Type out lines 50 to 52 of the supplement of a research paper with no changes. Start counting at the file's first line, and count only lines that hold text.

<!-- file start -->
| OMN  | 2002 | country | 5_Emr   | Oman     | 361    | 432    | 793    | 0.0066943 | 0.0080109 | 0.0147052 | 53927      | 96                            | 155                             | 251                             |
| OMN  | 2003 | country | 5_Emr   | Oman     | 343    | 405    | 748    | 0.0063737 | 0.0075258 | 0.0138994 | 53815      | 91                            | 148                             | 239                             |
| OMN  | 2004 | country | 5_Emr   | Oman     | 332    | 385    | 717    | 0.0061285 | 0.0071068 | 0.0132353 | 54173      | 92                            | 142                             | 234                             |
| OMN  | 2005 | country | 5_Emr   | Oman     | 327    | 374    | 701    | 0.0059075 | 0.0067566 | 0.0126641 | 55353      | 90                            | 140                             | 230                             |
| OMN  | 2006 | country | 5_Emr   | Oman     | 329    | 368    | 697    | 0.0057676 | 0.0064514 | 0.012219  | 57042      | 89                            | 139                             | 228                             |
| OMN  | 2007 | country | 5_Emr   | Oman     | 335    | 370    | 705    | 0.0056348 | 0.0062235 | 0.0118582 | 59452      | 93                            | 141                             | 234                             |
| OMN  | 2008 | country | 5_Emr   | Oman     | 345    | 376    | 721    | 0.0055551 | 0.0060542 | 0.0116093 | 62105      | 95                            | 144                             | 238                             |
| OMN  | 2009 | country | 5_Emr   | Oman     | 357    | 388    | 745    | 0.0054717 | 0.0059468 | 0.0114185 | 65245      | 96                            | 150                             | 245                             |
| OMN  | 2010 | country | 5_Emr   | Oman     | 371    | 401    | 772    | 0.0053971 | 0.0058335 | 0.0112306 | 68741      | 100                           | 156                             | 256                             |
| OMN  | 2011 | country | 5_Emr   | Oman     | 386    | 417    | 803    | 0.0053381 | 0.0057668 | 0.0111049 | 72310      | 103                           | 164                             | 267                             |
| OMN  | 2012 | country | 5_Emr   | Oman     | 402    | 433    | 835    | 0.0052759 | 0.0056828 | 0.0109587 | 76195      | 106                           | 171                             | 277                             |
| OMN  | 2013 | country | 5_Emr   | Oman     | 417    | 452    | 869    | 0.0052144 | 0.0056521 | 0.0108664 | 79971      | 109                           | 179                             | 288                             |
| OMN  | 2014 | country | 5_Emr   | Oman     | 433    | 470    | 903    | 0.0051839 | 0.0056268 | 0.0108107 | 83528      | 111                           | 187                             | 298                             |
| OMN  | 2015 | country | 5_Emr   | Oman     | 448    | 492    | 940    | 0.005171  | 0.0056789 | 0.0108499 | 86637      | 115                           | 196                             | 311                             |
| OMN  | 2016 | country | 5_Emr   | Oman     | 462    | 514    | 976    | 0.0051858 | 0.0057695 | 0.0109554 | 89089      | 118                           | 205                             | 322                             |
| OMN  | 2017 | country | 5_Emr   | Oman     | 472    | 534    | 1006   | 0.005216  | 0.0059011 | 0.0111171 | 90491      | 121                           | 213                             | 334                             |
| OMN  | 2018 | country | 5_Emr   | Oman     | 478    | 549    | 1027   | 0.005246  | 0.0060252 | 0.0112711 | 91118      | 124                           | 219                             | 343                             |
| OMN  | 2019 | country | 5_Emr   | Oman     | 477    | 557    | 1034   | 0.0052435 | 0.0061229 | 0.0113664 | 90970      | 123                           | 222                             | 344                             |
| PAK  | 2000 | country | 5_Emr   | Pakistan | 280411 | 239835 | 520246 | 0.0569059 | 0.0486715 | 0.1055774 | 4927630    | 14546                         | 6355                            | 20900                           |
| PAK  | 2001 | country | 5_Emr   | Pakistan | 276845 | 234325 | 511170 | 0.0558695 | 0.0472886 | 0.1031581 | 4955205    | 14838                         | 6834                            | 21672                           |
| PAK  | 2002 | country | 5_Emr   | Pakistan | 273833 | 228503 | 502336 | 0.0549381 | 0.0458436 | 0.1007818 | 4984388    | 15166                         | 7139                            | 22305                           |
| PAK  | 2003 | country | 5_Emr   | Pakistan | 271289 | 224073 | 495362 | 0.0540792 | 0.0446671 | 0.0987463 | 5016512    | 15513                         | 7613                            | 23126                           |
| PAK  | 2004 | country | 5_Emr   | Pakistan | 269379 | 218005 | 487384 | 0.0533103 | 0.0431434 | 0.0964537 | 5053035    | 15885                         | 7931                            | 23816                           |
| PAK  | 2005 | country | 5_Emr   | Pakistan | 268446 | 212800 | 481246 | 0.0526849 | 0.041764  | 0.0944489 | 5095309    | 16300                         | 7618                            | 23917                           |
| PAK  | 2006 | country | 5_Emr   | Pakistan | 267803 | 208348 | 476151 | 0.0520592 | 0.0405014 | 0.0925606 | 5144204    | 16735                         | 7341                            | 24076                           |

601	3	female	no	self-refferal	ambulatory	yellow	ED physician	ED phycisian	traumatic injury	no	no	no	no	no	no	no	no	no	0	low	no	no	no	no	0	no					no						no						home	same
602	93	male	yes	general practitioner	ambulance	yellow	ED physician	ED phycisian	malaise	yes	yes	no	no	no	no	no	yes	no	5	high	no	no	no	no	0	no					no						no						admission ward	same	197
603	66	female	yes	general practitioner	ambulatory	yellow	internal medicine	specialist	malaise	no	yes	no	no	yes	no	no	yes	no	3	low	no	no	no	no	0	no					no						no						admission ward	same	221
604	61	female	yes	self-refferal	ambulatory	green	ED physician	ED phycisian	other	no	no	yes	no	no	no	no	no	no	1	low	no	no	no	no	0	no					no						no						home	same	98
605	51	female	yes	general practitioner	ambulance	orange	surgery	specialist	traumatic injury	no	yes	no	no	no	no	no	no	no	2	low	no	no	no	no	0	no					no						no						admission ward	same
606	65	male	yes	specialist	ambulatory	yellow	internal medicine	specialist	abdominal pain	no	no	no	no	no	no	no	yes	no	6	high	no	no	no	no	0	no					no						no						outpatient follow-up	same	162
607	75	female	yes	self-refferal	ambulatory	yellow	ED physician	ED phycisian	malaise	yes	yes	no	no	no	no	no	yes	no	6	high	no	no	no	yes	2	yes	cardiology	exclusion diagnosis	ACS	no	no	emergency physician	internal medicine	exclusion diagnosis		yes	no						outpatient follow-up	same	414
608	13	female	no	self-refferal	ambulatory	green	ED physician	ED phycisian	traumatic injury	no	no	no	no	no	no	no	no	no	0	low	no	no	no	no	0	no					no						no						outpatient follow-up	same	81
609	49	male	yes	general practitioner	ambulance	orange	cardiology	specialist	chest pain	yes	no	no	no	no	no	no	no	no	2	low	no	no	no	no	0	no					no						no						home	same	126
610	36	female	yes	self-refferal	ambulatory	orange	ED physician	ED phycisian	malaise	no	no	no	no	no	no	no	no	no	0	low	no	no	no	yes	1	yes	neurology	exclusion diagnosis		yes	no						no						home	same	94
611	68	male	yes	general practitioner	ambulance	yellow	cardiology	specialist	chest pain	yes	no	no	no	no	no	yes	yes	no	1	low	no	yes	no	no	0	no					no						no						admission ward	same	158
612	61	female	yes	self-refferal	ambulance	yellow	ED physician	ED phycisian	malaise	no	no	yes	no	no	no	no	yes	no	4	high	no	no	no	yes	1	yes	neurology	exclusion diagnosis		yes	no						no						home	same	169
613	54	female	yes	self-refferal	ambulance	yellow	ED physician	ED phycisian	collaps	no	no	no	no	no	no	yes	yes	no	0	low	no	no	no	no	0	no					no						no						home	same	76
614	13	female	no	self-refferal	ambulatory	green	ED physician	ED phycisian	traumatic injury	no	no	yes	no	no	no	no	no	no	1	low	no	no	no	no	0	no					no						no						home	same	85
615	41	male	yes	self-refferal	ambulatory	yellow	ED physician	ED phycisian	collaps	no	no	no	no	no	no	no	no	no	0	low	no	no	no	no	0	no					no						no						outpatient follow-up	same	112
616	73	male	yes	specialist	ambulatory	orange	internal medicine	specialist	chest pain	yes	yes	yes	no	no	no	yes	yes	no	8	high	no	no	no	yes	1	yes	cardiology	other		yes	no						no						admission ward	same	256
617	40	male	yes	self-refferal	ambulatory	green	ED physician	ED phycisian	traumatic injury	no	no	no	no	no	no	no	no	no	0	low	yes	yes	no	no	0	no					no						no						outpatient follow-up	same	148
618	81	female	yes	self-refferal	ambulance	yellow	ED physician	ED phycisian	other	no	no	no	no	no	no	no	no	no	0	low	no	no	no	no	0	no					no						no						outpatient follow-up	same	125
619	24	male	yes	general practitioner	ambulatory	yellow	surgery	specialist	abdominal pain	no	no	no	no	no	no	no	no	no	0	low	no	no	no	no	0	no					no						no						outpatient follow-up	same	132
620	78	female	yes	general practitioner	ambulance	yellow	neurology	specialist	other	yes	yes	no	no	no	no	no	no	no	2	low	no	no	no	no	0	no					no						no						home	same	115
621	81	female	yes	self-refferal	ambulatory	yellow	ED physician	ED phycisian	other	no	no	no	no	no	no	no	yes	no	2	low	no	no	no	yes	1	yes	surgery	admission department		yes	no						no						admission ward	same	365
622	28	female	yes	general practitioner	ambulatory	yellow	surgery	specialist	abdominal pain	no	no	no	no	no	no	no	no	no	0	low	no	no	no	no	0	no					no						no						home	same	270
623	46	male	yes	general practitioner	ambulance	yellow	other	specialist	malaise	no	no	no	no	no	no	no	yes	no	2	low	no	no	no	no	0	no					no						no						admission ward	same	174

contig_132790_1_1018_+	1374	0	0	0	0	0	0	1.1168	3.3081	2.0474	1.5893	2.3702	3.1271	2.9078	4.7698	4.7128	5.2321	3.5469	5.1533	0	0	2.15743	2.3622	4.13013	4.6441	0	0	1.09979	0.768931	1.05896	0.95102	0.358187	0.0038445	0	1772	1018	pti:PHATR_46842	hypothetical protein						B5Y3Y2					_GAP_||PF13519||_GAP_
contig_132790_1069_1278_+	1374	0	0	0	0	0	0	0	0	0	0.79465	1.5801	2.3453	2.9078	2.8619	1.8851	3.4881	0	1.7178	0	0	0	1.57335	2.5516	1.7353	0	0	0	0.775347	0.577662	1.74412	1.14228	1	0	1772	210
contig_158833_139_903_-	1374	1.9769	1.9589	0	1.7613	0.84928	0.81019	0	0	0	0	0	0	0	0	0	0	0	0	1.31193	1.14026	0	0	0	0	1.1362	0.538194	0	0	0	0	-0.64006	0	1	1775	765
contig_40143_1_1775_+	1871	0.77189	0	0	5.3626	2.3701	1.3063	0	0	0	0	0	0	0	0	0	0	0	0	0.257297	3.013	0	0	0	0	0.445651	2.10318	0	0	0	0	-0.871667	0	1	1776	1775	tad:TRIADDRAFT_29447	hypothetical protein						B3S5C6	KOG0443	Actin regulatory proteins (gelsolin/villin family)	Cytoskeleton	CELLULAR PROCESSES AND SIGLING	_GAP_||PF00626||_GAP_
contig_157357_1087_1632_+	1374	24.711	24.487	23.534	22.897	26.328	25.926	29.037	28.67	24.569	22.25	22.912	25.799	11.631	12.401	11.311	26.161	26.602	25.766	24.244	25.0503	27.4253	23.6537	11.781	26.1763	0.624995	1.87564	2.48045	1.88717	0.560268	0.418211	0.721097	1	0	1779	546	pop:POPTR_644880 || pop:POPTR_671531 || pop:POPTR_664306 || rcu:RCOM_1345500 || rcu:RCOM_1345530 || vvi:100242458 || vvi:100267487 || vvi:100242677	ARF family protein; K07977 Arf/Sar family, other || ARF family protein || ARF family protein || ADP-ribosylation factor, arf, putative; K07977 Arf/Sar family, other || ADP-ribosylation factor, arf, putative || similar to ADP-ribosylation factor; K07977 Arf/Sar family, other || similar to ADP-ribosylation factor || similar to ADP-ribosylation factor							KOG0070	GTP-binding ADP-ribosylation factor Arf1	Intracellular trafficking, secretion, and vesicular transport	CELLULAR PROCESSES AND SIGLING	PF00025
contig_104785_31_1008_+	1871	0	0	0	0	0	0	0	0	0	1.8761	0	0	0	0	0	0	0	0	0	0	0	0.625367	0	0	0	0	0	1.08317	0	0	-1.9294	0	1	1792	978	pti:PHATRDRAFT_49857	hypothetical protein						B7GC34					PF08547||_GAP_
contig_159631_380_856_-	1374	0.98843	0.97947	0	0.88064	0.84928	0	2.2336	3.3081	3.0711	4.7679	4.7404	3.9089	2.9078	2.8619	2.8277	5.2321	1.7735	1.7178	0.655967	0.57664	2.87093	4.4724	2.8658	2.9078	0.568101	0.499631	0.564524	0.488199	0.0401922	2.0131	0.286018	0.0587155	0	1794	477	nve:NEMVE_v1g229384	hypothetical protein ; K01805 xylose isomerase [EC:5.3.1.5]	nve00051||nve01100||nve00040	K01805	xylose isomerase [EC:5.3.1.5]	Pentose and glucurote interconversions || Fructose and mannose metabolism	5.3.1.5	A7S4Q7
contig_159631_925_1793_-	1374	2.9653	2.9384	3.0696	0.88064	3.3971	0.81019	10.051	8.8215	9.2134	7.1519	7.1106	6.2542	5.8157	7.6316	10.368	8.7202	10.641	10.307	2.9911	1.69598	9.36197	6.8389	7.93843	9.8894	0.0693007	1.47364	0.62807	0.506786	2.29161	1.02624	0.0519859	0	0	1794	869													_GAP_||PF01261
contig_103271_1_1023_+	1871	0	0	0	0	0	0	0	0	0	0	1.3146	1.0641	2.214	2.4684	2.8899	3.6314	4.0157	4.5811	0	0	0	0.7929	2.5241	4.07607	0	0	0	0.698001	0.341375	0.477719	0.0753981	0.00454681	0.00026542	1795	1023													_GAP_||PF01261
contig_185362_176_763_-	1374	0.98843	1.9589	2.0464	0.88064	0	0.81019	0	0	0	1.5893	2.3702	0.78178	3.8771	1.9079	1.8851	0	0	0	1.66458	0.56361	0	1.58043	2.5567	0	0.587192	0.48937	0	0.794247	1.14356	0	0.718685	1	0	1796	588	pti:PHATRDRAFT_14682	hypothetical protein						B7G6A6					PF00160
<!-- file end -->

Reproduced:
contig_132790_1069_1278_+	1374	0	0	0	0	0	0	0	0	0	0.79465	1.5801	2.3453	2.9078	2.8619	1.8851	3.4881	0	1.7178	0	0	0	1.57335	2.5516	1.7353	0	0	0	0.775347	0.577662	1.74412	1.14228	1	0	1772	210
contig_158833_139_903_-	1374	1.9769	1.9589	0	1.7613	0.84928	0.81019	0	0	0	0	0	0	0	0	0	0	0	0	1.31193	1.14026	0	0	0	0	1.1362	0.538194	0	0	0	0	-0.64006	0	1	1775	765
contig_40143_1_1775_+	1871	0.77189	0	0	5.3626	2.3701	1.3063	0	0	0	0	0	0	0	0	0	0	0	0	0.257297	3.013	0	0	0	0	0.445651	2.10318	0	0	0	0	-0.871667	0	1	1776	1775	tad:TRIADDRAFT_29447	hypothetical protein						B3S5C6	KOG0443	Actin regulatory proteins (gelsolin/villin family)	Cytoskeleton	CELLULAR PROCESSES AND SIGLING	_GAP_||PF00626||_GAP_